An article published online on February 7, 2008 in the American Journal of Epidemiology revealed the finding of Alan Kristal, DrPH of the Fred Hutchinson Cancer Research Center in Seattle and colleagues that the type of diet normally prescribed for cardiovascular health may also keep the prostate healthy.
The current study included 4,770 participants in the placebo arm of the Prostate Cancer Prevention Trial, which evaluated the effects of the drug finasteride. The current subjects were free of symptoms of benign prostatic hyperplasia (BPH, or enlargement of the prostate) at the beginning of the study, and received annual screenings for the condition over a seven year average period. Food frequency questionnaires were administered to assess dietary intake one year following enrollment.
At the end of the trial, 876 cases of BPH had been identified. Consuming a high fat diet was associated with a 31 percent increase in BPH risk when those whose fat intake was in the top one-fifth of participants were compared with subjects in the lowest fifth. Eating red meat at least once per day increased the risk of BPH by 38 percent compared with those who consumed it less than once per week, yet consuming lean protein was associated with a protective effect. Consuming vegetables was also associated with a protective effect, with a 32 percent risk reduction evidenced among those who consumed four or more servings of vegetables daily compared with those who reported eating less than one serving per day. Drinking alcohol in moderation, defined as two drinks per day, conferred a 38 percent reduction in risk. Weaker protective associations were found with lycopene, zinc, and supplemental vitamin D; however, the authors note that their assessment of supplement use was incomplete.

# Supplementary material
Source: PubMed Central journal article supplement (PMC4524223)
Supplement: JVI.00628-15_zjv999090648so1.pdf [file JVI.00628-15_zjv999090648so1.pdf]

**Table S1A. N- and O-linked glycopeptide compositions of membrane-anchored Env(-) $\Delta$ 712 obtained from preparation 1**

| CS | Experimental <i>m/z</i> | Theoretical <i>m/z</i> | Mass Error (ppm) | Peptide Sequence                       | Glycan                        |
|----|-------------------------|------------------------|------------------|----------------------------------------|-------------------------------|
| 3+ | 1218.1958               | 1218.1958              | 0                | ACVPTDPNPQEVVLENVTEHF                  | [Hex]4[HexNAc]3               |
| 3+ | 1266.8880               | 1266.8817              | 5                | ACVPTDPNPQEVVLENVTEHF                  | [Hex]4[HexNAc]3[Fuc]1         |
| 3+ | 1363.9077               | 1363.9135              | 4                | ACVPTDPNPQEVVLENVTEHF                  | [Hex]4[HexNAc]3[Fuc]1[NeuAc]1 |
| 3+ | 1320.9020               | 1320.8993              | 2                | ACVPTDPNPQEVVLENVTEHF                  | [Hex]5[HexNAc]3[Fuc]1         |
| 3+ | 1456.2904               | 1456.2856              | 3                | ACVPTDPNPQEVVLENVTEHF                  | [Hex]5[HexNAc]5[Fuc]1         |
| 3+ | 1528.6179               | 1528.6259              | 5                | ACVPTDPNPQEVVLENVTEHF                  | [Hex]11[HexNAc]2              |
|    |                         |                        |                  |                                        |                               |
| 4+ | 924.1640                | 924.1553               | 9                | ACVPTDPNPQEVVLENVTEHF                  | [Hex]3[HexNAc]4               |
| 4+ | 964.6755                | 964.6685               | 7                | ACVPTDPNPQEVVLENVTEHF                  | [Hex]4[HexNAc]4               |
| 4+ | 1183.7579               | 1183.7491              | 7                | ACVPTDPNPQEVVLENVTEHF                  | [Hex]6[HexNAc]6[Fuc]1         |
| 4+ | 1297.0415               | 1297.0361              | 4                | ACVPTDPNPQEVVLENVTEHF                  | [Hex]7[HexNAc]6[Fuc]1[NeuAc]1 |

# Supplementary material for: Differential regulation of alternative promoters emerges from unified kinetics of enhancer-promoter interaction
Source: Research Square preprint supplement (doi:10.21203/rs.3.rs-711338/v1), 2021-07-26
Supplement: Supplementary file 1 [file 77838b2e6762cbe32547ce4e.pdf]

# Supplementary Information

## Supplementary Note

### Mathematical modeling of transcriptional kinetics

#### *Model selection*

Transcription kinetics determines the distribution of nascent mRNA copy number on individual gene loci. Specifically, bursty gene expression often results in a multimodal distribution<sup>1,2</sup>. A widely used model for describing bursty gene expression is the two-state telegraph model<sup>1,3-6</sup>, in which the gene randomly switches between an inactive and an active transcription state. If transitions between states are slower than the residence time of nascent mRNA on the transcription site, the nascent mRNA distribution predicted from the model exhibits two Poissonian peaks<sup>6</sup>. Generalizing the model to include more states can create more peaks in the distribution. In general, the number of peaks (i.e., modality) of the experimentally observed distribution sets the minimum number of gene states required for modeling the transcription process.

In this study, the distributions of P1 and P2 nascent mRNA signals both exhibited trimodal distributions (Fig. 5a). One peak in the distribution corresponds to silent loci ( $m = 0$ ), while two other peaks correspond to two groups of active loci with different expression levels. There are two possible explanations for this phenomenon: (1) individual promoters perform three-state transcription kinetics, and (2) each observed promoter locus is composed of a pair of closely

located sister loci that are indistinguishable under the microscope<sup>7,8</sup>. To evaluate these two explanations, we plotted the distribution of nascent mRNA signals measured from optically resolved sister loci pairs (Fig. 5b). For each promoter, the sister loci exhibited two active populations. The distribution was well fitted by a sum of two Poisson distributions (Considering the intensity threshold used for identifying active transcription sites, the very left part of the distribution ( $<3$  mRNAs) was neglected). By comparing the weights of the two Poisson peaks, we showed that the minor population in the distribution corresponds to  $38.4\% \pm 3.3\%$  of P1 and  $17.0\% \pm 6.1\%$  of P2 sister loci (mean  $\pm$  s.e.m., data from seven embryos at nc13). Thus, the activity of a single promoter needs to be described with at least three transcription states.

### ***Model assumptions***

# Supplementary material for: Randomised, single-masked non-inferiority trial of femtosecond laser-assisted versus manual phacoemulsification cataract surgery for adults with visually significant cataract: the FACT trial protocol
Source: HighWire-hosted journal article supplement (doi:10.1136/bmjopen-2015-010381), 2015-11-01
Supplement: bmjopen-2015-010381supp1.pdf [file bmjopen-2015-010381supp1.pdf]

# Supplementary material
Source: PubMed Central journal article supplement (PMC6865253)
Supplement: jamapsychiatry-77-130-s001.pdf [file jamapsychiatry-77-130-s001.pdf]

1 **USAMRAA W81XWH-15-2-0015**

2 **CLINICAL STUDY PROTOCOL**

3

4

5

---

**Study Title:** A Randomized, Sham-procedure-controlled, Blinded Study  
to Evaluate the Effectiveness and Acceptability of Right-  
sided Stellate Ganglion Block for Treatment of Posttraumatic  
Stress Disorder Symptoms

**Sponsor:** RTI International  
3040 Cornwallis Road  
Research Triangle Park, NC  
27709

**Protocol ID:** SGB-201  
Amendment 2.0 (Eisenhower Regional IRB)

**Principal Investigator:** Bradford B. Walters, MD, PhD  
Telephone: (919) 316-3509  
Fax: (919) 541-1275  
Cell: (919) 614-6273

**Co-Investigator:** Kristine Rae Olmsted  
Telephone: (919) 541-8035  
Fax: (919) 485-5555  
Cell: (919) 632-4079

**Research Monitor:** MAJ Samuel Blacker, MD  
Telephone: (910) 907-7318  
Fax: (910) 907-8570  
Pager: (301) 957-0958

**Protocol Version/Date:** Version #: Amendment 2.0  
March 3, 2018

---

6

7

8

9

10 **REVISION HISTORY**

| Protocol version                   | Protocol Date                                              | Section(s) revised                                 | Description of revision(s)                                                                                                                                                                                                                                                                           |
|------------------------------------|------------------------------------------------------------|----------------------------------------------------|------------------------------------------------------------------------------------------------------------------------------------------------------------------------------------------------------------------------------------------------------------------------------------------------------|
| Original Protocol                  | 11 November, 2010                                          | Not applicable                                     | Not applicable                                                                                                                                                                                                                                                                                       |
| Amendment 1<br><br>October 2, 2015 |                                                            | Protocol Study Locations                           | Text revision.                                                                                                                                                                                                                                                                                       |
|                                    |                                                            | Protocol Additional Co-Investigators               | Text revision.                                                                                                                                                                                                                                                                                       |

“It is known that obesity increases the risk of BPH,” observed Dr Kristal, who is associated head of the Cancer Prevention Program in the Public Health Sciences Division at the Hutchinson Center. “The dietary pattern that is associated with obesity among men in the United States is high fat consumption. The results of this study clearly show a link between a high-fat diet and increased risk of BPH.”
“We don’t really know how it’s working but it’s pretty clear that eating a high amount of fat – and it doesn’t appear to matter what kind of fat – increases the risk of BPH,” he added.
Consuming a high fat diet increases the body’s inflammatory response, as well as circulating hormones such as estrogens and androgens, which may affect prostate tissue, while greater vegetable and alcohol intake has been associated with a reduction in obesity, estrogens, androgens and sympathetic nervous system stimulation. “It is possible that these physiological effects moderate both the hormonally regulated prostate growth and heightened smooth-muscle tone that cause BPH,” the authors explain.
“Although confirmatory studies are needed, it is possible that dietary modification could be useful for preventing BPH and the management of BPH symptoms,” they conclude.